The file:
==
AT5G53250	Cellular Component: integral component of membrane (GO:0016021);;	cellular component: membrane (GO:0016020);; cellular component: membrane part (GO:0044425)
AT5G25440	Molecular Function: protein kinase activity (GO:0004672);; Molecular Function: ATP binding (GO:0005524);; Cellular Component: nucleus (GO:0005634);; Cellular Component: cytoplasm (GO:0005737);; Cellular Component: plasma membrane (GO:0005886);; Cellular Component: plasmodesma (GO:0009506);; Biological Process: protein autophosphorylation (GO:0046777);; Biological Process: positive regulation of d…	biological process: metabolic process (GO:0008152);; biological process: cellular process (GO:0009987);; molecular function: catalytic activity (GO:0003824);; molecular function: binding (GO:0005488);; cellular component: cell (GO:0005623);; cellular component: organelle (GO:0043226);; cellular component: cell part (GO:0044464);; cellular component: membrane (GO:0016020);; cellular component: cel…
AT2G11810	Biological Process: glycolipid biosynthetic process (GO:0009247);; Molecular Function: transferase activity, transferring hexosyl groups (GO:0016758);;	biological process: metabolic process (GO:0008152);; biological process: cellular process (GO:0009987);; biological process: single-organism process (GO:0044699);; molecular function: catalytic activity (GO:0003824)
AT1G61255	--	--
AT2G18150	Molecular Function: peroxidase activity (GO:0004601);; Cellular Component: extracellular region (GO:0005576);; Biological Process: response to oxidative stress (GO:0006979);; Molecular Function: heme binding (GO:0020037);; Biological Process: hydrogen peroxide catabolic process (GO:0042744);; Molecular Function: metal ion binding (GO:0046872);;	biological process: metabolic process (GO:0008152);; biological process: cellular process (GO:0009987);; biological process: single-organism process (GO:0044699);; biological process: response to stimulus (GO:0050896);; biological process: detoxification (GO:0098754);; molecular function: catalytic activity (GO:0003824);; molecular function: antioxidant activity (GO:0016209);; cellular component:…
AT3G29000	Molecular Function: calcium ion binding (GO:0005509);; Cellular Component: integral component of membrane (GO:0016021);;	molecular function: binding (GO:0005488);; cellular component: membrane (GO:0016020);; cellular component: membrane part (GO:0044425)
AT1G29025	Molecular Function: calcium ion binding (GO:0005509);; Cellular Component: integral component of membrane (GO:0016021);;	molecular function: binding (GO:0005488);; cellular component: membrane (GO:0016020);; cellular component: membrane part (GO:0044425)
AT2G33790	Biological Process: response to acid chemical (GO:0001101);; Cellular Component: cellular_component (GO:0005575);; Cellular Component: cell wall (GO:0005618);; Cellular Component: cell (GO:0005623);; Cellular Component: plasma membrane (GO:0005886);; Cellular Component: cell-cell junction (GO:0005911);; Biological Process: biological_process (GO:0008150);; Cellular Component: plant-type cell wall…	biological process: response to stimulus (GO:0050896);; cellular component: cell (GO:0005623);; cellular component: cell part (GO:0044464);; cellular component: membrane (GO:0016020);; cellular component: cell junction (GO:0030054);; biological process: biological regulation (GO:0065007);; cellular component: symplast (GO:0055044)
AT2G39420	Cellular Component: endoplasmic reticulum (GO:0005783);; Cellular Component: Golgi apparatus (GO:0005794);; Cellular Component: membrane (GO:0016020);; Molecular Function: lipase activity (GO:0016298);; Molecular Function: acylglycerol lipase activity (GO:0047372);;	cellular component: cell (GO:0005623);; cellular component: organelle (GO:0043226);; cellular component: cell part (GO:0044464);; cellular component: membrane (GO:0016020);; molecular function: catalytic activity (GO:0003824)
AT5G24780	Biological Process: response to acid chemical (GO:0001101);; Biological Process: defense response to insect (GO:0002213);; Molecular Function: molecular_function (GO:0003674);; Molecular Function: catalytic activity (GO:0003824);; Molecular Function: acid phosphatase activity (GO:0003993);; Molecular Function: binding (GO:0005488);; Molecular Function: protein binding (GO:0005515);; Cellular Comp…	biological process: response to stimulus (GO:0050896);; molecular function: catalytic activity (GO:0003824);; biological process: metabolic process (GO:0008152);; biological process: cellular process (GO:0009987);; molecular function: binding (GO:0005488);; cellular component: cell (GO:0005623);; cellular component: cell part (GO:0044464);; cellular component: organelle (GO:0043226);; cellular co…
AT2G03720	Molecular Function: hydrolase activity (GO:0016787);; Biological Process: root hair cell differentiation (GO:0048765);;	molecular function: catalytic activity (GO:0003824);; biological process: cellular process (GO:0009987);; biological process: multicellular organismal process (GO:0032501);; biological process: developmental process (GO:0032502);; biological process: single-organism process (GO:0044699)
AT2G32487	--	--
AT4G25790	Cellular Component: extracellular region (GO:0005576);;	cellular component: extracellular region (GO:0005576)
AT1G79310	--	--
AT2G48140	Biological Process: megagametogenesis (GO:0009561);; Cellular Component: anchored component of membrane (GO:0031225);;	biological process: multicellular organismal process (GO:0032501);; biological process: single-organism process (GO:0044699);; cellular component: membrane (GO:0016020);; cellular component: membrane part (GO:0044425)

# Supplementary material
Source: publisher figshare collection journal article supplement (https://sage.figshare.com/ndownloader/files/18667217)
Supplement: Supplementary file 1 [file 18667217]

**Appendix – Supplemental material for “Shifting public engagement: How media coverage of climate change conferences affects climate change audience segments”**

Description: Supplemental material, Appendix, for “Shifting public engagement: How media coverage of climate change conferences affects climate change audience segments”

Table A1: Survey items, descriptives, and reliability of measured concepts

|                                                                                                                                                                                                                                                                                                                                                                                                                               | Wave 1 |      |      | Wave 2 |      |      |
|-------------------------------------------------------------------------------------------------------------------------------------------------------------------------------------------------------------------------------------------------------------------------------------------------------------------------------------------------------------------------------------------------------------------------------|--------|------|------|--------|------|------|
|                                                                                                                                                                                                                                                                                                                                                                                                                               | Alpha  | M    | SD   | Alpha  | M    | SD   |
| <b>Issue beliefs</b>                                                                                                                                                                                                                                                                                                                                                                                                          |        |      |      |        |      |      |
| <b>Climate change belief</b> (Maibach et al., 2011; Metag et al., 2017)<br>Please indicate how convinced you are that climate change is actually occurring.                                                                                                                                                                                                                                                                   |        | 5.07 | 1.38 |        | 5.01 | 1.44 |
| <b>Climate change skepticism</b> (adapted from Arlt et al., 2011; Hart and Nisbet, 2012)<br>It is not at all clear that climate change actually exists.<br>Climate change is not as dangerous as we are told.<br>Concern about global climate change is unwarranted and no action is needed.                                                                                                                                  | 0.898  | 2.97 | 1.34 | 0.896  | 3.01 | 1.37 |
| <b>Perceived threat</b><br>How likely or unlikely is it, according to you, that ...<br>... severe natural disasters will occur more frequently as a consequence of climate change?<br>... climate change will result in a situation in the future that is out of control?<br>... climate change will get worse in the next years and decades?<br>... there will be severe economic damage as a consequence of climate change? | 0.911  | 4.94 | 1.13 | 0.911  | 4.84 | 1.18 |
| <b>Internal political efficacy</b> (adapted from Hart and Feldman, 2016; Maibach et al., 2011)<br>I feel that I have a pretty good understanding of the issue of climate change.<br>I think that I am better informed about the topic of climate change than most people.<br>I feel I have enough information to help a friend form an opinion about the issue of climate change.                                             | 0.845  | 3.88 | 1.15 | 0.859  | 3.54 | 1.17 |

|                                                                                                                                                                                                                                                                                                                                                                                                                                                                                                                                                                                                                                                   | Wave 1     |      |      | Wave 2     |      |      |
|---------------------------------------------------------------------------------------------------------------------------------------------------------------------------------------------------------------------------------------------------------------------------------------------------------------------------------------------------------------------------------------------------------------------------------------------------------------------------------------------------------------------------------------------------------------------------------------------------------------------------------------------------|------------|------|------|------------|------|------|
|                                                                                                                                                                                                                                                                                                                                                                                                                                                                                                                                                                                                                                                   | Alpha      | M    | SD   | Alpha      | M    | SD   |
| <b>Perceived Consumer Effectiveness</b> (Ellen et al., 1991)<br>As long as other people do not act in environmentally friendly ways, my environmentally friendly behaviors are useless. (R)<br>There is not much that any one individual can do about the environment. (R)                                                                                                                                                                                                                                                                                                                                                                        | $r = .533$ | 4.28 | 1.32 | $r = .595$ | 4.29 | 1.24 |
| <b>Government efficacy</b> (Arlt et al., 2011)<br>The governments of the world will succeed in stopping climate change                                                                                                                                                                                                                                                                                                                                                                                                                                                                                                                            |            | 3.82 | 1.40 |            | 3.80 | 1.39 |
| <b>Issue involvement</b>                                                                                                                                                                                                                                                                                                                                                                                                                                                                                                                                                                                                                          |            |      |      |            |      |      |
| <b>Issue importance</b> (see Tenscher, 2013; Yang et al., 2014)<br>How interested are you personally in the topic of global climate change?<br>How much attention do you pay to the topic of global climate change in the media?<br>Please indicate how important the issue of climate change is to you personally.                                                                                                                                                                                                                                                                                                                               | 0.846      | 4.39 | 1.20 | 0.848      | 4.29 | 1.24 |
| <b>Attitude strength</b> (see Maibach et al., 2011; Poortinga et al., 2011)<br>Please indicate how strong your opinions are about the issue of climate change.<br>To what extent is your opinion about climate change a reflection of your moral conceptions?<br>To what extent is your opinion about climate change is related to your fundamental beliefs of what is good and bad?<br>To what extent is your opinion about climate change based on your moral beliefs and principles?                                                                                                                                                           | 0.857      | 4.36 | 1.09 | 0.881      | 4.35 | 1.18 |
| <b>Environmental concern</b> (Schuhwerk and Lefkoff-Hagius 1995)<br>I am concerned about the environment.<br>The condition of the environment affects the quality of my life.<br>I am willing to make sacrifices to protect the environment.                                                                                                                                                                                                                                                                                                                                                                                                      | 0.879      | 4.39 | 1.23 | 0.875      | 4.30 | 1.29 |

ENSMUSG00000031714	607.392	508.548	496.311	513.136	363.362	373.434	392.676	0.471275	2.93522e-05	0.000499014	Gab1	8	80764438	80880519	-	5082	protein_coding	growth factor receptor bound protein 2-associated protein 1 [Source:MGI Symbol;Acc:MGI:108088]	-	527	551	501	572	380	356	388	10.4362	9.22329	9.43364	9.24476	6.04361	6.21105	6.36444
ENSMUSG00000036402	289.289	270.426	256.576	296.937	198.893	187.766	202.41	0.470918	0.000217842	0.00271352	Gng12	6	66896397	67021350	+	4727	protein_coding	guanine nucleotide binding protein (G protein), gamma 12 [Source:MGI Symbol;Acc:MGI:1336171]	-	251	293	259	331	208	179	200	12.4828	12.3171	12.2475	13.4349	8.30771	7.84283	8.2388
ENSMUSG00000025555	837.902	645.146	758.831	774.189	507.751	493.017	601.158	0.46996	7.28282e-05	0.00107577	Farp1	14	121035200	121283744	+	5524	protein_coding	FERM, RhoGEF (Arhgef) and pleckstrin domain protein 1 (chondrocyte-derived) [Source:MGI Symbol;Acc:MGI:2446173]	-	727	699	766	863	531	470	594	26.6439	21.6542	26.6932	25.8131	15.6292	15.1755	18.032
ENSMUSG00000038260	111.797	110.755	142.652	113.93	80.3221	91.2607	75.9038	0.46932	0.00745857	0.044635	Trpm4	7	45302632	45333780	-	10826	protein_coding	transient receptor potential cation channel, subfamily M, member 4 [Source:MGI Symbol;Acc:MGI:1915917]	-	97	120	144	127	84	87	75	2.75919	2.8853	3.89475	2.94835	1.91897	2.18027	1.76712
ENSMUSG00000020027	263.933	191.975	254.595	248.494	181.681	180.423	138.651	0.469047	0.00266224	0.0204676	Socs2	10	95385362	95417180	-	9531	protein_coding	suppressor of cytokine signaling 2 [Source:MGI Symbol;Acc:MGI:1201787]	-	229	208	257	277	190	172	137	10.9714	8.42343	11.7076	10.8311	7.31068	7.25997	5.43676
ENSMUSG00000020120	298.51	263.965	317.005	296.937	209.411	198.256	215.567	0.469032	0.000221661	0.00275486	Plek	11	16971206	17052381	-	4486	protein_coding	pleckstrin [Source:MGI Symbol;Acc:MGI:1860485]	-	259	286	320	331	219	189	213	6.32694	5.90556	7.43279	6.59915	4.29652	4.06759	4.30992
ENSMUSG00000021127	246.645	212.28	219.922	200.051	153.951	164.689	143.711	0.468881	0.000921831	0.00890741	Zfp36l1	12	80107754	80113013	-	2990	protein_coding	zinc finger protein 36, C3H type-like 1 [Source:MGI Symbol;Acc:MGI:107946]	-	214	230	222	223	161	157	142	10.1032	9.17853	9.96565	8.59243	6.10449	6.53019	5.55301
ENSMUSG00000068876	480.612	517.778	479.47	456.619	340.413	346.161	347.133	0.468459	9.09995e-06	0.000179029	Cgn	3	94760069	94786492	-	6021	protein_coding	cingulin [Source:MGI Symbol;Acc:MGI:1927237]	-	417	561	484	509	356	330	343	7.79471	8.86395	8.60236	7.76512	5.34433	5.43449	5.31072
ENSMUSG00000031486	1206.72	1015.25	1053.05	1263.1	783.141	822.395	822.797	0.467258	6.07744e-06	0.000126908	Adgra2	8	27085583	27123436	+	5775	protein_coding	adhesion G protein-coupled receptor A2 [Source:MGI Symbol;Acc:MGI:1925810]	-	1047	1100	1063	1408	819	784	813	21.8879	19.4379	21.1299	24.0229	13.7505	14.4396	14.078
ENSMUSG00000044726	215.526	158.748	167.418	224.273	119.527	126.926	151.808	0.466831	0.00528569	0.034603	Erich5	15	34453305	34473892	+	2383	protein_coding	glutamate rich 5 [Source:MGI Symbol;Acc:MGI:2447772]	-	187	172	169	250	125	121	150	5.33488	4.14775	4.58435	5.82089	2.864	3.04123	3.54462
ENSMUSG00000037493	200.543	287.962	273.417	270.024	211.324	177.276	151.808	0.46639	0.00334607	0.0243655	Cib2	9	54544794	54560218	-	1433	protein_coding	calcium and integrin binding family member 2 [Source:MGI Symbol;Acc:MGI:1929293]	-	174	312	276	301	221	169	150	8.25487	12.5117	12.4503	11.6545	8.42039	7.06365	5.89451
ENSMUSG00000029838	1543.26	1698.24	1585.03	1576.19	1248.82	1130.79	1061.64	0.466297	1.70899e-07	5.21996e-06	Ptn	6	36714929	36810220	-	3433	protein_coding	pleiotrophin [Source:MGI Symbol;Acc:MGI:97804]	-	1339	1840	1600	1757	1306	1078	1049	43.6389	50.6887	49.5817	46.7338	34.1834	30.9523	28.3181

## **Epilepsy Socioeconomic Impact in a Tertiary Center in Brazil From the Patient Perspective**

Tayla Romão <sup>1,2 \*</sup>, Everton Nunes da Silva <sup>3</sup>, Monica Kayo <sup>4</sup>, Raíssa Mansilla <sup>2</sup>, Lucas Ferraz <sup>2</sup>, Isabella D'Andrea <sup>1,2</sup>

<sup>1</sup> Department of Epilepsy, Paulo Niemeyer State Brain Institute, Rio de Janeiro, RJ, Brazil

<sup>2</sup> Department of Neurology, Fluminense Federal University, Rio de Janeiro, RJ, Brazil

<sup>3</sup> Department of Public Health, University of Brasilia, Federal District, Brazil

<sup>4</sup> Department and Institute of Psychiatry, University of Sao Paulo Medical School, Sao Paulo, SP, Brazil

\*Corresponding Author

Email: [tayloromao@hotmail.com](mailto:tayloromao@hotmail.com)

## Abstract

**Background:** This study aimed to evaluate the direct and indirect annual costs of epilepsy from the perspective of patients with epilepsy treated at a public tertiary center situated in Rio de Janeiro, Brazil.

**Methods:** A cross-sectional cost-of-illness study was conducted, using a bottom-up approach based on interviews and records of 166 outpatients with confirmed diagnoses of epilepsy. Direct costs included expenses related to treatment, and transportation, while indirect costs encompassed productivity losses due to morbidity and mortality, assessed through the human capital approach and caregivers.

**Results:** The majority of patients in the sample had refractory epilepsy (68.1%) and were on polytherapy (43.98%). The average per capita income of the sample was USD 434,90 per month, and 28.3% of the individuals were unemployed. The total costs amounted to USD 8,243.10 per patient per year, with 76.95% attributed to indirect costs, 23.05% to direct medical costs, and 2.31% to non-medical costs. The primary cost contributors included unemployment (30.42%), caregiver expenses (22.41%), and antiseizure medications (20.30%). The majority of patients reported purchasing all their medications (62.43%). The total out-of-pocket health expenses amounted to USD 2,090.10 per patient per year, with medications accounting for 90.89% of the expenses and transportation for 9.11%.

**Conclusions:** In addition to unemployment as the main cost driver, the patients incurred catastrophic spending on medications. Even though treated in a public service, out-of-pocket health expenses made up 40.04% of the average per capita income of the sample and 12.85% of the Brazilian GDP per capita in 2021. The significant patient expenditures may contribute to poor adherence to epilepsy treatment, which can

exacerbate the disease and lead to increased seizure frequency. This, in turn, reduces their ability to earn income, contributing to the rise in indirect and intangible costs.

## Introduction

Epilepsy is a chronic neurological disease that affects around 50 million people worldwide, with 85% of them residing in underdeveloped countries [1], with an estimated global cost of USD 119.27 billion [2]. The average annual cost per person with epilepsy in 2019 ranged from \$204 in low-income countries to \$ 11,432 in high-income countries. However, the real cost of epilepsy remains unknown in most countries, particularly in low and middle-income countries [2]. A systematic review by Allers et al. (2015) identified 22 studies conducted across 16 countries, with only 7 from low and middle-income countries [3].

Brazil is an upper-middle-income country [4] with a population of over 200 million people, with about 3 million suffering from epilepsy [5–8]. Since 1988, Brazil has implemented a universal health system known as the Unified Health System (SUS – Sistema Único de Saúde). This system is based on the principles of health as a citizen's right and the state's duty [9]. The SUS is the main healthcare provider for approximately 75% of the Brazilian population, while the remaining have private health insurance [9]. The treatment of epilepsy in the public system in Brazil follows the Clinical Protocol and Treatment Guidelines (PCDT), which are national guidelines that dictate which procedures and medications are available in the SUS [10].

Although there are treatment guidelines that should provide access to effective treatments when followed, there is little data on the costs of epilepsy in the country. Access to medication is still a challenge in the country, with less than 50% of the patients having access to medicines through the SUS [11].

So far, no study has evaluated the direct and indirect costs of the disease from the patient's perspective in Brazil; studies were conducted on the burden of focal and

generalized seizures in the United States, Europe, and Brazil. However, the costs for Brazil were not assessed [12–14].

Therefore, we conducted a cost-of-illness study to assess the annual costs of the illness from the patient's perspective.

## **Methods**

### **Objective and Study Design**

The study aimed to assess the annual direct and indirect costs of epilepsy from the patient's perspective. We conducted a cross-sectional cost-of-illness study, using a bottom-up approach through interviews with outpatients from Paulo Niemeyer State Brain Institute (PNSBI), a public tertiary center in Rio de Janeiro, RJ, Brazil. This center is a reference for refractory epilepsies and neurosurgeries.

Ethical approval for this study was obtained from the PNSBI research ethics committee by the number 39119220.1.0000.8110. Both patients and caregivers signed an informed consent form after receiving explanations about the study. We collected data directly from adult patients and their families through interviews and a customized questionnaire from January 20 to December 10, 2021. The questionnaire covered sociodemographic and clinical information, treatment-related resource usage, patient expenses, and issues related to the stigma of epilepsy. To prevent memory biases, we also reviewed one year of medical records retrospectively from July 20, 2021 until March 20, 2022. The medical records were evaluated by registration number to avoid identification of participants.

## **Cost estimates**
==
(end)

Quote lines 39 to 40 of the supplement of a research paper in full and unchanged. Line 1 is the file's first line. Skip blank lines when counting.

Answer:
ENSMUSG00000031714	607.392	508.548	496.311	513.136	363.362	373.434	392.676	0.471275	2.93522e-05	0.000499014	Gab1	8	80764438	80880519	-	5082	protein_coding	growth factor receptor bound protein 2-associated protein 1 [Source:MGI Symbol;Acc:MGI:108088]	-	527	551	501	572	380	356	388	10.4362	9.22329	9.43364	9.24476	6.04361	6.21105	6.36444
ENSMUSG00000036402	289.289	270.426	256.576	296.937	198.893	187.766	202.41	0.470918	0.000217842	0.00271352	Gng12	6	66896397	67021350	+	4727	protein_coding	guanine nucleotide binding protein (G protein), gamma 12 [Source:MGI Symbol;Acc:MGI:1336171]	-	251	293	259	331	208	179	200	12.4828	12.3171	12.2475	13.4349	8.30771	7.84283	8.2388